Safe From the Mayhem
A little bit of googling and I began my basic understanding of what causes Alzheimer’s disease . . .
“Scientists are not absolutely sure what causes cell death and tissue loss in the Alzheimer’s brain, but plaques and tangles are prime suspects. (https://www.alz.org/braintour/plaques_tangles.asp)
- The transport system (in the brain) is organized in orderly parallel strands somewhat like railroad tracks. Food molecules, cell parts and other key materials travel along the “tracks.”
- A protein called tau (rhymes with wow) helps the tracks stay straight.
- Tau collapses into twisted strands called tangles.
- The tracks can no longer stay straight. They fall apart and disintegrate.
- Tangles destroy a vital cell transport system made of proteins.
- Nutrients and other essential supplies can no longer move through the cells, which eventually die.”(http://www.alz.org/braintour/tangles.asp)
As one who avoided all science classes in college and managed to graduate with Anthropology 11 fulfilling the science requirement for a Sociology degree, I actually can get my mind around these few lines of explanation. I can picture what that looks like.
Realizing that it’s happening in my mother’s brain though, breaks me a bit. How can it be her? What happened that caused the plaques and tangles to form in her wise, sweet, kind mind? Diet Coke? Balance bars? Pretty much zero exercise?
But this is the mystery of Alzheimer’s . . . apparently, no one knows. Why is it her brain cells and tissues are dying? Where did the plaque come from? The tangles? Will the tracks ever straighten?
(A friend came the other day to take her on a walk. As they were leaving the friend asked, “Carolyn, do you need any sunscreen?” And I said, “Donna, skin cancer is the least of our worries!” We all got a good chuckle out of that.)
I have run out of ways to use the word, weird.
People ask how things are going and the only thing I can come up with is, weird. Things are weird. Very weird. And then I go searching my inner thesaurus and cannot seem to find another word.
So, things are weird. That’s how they’re going.
There’s a saying in the Alzheimer’s community: If you know one person with Alzheimer’s . . . You know one person with Alzheimer’s.
Every person diagnosed with this cognitive memory disorder is different. Their progress is different, their symptoms are different, their reactions to medication, clinical studies, exercise, diet is. all. different. So what’s crazy about that is that there are very few ways we can help one another — weird. Right?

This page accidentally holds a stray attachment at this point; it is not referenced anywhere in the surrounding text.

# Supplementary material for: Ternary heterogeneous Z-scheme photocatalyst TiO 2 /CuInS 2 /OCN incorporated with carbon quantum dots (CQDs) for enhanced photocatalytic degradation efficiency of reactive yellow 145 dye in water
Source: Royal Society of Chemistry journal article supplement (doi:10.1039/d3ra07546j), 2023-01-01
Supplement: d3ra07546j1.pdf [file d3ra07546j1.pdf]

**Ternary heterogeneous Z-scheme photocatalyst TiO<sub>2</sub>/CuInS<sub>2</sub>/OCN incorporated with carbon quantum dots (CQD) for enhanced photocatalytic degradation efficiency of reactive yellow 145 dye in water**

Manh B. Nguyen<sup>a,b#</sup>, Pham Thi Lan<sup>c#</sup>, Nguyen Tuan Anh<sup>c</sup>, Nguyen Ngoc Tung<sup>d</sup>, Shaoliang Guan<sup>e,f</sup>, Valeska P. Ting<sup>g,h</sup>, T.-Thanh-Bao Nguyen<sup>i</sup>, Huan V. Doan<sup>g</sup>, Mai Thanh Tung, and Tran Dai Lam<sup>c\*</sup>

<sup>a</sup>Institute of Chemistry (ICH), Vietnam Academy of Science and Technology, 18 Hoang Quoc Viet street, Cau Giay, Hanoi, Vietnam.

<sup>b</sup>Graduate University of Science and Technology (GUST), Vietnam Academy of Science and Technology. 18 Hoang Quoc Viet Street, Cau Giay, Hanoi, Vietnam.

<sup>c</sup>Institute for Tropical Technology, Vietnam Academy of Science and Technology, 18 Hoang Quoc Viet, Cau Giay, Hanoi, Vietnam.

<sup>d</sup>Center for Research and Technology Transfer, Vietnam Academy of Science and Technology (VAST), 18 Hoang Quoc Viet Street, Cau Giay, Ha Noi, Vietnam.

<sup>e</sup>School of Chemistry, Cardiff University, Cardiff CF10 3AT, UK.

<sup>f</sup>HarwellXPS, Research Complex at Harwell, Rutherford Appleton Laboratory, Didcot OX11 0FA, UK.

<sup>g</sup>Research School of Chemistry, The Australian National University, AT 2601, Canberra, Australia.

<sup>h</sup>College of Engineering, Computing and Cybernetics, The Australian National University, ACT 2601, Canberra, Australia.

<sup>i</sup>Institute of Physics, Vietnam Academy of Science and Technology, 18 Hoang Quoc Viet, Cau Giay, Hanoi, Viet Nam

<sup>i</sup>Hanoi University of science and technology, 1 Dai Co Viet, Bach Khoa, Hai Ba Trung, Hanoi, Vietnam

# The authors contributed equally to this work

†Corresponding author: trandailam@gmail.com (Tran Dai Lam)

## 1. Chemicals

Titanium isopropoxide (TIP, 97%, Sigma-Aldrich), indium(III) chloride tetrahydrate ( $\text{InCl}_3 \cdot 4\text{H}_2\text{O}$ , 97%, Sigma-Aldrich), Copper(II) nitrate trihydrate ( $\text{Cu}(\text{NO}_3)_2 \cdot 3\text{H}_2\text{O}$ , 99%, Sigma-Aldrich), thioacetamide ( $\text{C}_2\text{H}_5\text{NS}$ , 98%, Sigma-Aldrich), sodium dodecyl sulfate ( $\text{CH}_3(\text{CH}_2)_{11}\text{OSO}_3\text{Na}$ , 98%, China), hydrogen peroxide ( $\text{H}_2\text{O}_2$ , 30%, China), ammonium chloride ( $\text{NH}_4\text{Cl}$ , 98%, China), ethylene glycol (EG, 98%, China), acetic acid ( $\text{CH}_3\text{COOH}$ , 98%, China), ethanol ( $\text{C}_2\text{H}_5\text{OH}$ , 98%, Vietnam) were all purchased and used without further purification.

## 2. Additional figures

But something that was helpful was reading Still Alice, by Lisa Genova. The book was published in 2007, and a movie was made in 2015 starring Julianne Moore, who won the Oscar that year for her portrayal of Alice.
These paragraphs toward the end of the book made me cry. (pgs. 230-231)
“You’re so beautiful,” said Alice. “I’m so afraid of looking at you and not knowing who you are.” (She’s talking to her youngest daughter, Lydia.)
“I think that even if you don’t know who I am someday, you’ll still know that I love you.”
“What if I see you, and I don’t know that you’re my daughter, and I don’t know that you love me?”
“Then I’ll tell you that I do, and you’ll believe me.”
Alice liked that. But will I always love her? Does my love for her reside in my head or my heart? The scientist in her believed that emotion resulted from complex limbic brain circuitry, circuitry that was for her, at this very moment, trapped in the trenches of a battle in which there would be no survivors. The mother in her believed that the love she had for her daughter was safe from the mayhem of her mind, because it lived in her heart.
“Safe from the mayhem of her mind, because it lived in her heart.”
That’s helpful and hopeful for me, for my mom, for our family.
No matter what happens here, there are things — emotions, love, spirit — that might be safe from the battle, from the mayhem, that will survive this onslaught of tangles and plaques.
So, life goes on. It’s goes on weirdly, but it goes on. We talk and laugh and do jigsaw puzzles. We clean out drawers and cabinets filled with cards and pens and watercolor paints from the 70’s. We organize meals and rides and visits from friends.
And when people ask me how it’s going, I say, Weird.
When people ask my mom how it’s going, she says, Good enough.
Weird and good enough.
It’s a very strange season indeed.
“We, in the early stages of Alzheimer’s, are not yet utterly incompetent. We are not without language or opinions that matter or extended periods of lucidity. Yet we are not competent enough to be trusted with many of the demands and responsibilities of our former lives. We feel like we are neither here nor there, like some crazy Dr. Seuss character in a bizarre land. It’s a very lonely and frustrating place to be.” (Still Alice, Lisa Genova, p. 251)